Monday, April 30, 2012


Ahhh, Beltane, the time of the big sun has finally arrived!

Beltane, or La Baal Tinne (meaning Bright Fire), was one of the (pagan) Four Great Festivals. Traditionally, the festival started with open pasturing, the beginning of summer and the welcoming of the sun's heat to promote growth of livestock and crops. Bonfires were rekindled with sympathetic magick to encourage the sun's warmth to penetrate the earth.
The Celts believed that at this time in the Otherworld the sacred fire of Tamhair-na-Righ (Tara of the Kings) was lit every three years. There was great ceremony with this, by using a brazen lens to concentrate the sun's rays on dried wood, as all the sacred fires of the Sidhe were lit. They also believed the Faery were at their happiest on May eve, and the music of their harps and pipes were heard all through the night.
It was from the sacred fire that all participants lighted brands and took them home to light their domestic fires.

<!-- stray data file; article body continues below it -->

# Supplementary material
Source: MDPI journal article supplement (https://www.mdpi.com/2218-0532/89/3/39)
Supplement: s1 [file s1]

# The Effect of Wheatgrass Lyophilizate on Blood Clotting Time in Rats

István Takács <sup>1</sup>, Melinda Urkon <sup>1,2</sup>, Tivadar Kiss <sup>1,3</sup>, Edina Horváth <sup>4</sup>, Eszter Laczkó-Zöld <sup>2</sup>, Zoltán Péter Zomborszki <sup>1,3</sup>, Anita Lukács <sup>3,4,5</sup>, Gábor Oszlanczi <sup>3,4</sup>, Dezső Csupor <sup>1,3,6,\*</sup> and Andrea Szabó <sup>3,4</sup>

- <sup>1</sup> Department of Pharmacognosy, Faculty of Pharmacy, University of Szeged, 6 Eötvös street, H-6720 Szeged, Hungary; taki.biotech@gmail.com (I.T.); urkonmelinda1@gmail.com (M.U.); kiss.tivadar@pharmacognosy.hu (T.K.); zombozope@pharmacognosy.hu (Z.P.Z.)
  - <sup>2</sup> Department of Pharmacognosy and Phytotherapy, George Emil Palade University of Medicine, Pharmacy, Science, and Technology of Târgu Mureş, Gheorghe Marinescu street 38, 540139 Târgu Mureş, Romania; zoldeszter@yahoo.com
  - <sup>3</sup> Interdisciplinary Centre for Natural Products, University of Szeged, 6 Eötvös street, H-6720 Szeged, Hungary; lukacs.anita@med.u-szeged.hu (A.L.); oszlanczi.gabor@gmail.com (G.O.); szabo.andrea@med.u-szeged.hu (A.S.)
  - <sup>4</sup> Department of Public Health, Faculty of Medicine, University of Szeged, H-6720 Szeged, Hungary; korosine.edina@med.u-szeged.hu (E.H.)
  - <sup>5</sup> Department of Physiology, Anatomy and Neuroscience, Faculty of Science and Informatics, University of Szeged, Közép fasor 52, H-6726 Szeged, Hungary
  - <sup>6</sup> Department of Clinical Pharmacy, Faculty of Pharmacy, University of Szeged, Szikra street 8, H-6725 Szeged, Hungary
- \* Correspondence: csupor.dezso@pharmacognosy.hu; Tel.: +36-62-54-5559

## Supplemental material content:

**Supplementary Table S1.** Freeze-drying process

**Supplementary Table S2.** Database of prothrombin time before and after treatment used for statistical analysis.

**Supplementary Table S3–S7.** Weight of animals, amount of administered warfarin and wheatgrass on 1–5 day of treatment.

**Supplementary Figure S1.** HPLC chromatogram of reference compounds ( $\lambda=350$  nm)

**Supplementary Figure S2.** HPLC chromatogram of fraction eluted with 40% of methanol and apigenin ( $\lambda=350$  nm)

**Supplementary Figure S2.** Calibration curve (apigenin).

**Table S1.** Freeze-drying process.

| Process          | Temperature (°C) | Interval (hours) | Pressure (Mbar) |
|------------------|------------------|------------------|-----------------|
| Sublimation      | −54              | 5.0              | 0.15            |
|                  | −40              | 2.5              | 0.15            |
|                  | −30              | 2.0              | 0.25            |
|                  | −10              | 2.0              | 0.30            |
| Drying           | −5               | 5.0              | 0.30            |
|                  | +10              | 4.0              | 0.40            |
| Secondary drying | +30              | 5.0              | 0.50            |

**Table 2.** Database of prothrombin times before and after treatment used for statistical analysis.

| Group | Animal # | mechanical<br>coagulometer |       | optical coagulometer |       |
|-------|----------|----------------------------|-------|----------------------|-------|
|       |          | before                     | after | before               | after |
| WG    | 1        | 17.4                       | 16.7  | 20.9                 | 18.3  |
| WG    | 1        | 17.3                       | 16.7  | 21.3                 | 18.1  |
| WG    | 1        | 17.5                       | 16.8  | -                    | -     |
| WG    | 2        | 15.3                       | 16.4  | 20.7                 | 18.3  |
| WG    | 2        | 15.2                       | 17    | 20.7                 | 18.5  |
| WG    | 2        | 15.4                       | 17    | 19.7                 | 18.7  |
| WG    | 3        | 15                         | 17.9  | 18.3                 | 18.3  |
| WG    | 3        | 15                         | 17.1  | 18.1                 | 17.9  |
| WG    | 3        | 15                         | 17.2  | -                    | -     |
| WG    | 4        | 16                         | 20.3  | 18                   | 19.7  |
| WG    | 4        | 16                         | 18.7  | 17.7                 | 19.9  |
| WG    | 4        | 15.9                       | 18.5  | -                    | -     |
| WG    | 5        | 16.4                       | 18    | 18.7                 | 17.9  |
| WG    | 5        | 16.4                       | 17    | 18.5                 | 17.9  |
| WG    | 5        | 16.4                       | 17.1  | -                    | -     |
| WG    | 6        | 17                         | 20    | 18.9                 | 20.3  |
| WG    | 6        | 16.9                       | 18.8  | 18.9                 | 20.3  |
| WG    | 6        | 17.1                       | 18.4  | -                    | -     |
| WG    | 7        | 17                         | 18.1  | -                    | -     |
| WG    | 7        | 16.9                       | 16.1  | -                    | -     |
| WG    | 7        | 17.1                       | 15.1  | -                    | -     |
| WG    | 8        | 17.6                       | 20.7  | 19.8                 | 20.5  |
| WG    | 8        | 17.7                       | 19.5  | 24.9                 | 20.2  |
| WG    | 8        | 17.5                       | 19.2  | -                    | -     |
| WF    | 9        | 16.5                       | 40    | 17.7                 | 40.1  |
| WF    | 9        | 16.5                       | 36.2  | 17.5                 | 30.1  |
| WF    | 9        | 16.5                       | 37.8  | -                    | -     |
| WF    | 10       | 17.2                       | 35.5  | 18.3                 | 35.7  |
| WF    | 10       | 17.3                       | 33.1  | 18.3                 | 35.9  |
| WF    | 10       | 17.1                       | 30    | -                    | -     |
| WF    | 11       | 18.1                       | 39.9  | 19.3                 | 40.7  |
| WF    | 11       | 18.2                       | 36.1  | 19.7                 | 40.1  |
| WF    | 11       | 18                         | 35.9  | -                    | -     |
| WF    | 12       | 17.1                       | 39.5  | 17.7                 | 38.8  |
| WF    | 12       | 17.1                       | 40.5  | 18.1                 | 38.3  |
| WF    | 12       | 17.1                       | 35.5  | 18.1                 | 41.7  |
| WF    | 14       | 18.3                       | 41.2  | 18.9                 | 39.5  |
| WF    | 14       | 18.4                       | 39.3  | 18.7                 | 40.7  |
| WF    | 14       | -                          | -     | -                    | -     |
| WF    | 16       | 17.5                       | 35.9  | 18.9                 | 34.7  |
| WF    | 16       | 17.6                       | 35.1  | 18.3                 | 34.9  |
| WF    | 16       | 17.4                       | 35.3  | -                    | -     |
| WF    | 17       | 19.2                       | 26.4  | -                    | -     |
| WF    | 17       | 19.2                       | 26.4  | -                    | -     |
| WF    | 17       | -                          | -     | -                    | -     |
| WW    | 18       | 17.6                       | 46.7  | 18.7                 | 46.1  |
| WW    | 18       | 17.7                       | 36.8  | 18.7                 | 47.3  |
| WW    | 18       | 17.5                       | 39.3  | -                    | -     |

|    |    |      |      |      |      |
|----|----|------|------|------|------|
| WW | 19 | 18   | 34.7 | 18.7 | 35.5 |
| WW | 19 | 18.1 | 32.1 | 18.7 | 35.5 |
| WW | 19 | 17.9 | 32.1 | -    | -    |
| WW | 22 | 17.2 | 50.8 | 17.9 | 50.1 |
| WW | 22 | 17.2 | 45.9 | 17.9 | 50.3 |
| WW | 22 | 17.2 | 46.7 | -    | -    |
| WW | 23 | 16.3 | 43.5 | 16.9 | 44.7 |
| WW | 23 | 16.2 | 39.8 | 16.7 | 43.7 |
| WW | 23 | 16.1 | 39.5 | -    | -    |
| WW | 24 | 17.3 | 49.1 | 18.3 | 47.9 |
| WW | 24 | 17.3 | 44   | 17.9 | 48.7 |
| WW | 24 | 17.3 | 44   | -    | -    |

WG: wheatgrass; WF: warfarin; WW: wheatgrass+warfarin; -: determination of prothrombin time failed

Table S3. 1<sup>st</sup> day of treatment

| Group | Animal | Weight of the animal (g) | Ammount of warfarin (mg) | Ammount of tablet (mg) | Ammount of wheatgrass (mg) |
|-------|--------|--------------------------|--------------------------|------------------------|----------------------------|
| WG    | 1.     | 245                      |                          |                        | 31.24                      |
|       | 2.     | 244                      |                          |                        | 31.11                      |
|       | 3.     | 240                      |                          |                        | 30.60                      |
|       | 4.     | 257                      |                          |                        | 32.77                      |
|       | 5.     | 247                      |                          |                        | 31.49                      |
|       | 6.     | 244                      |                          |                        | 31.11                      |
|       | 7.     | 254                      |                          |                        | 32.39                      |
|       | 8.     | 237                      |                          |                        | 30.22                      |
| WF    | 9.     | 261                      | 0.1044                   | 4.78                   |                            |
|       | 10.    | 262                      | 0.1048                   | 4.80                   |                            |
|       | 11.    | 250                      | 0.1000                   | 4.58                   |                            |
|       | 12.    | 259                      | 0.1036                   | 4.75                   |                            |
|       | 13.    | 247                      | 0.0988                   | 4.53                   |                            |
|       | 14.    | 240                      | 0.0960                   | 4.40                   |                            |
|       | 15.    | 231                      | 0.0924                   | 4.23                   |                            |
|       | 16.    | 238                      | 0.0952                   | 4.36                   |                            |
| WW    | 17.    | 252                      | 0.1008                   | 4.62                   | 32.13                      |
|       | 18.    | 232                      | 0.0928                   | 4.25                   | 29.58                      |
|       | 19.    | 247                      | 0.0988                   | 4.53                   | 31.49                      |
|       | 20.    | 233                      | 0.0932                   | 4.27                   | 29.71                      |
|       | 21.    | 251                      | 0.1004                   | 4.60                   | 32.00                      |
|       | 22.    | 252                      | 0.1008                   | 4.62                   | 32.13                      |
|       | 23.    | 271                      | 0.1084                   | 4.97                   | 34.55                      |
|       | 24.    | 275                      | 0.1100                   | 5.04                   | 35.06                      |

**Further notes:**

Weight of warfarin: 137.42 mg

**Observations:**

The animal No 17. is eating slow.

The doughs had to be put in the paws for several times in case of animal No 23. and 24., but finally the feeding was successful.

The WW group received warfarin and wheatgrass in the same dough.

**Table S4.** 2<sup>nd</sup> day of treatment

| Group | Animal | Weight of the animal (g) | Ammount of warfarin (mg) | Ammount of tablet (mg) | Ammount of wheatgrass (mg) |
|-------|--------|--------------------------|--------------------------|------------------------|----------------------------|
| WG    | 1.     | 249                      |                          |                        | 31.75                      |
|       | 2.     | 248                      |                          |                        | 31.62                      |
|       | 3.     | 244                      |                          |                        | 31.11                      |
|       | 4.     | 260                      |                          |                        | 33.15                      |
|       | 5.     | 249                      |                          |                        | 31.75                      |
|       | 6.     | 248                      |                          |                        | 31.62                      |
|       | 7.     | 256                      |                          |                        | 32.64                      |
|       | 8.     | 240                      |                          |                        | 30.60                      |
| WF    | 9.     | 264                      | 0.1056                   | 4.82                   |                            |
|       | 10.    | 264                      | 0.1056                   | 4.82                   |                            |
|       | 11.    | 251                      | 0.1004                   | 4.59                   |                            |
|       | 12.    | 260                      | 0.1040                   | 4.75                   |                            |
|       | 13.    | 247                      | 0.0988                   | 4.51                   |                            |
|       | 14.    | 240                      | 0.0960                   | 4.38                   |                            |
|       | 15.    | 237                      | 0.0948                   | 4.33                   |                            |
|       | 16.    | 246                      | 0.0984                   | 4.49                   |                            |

Bonfires always played a part in ceremonies. The men would draw lots to see who would jump over the flames three times when they were their highest, and the women when they were low. This was a practice to protect them from the powers of evil.
Cattle had their horns decorated with garlands of rowan and vervain to honor the May Queen, and driven between two bonfires, and sprinkled with water from The Purity of the Well.  Cows who's skin was singed became the sacrificial animal for the feast.
If a snow white heifer appeared among the cattle, The Celts believed it was good luck.
A May-bush was decorated and the women danced around it, wearing garland, and the men carried a green bough. At the end of the dance, the woman would toss her garland to the gentleman of her choice, if he was successful in catching it on his bough, he gained her affections. But if he dropped it, heartache was certain to follow.Throughout the night, music and story telling were heard around the fire, and then mystical dancing until dawn's early light.

Of course so many of these things do not, and cannot, apply to today's world. Time, space and basic laws would not allow big bonfires, or frightening animal sacrifices to be made. But there are many things we can do today to fit the traditions of the past.

One of our favorite things to do is pick wild flowers and place them in a paper cone, hang them on the front door, knock and run! Or for the elderly, just hand them the handful of flowers and see the smile it brings.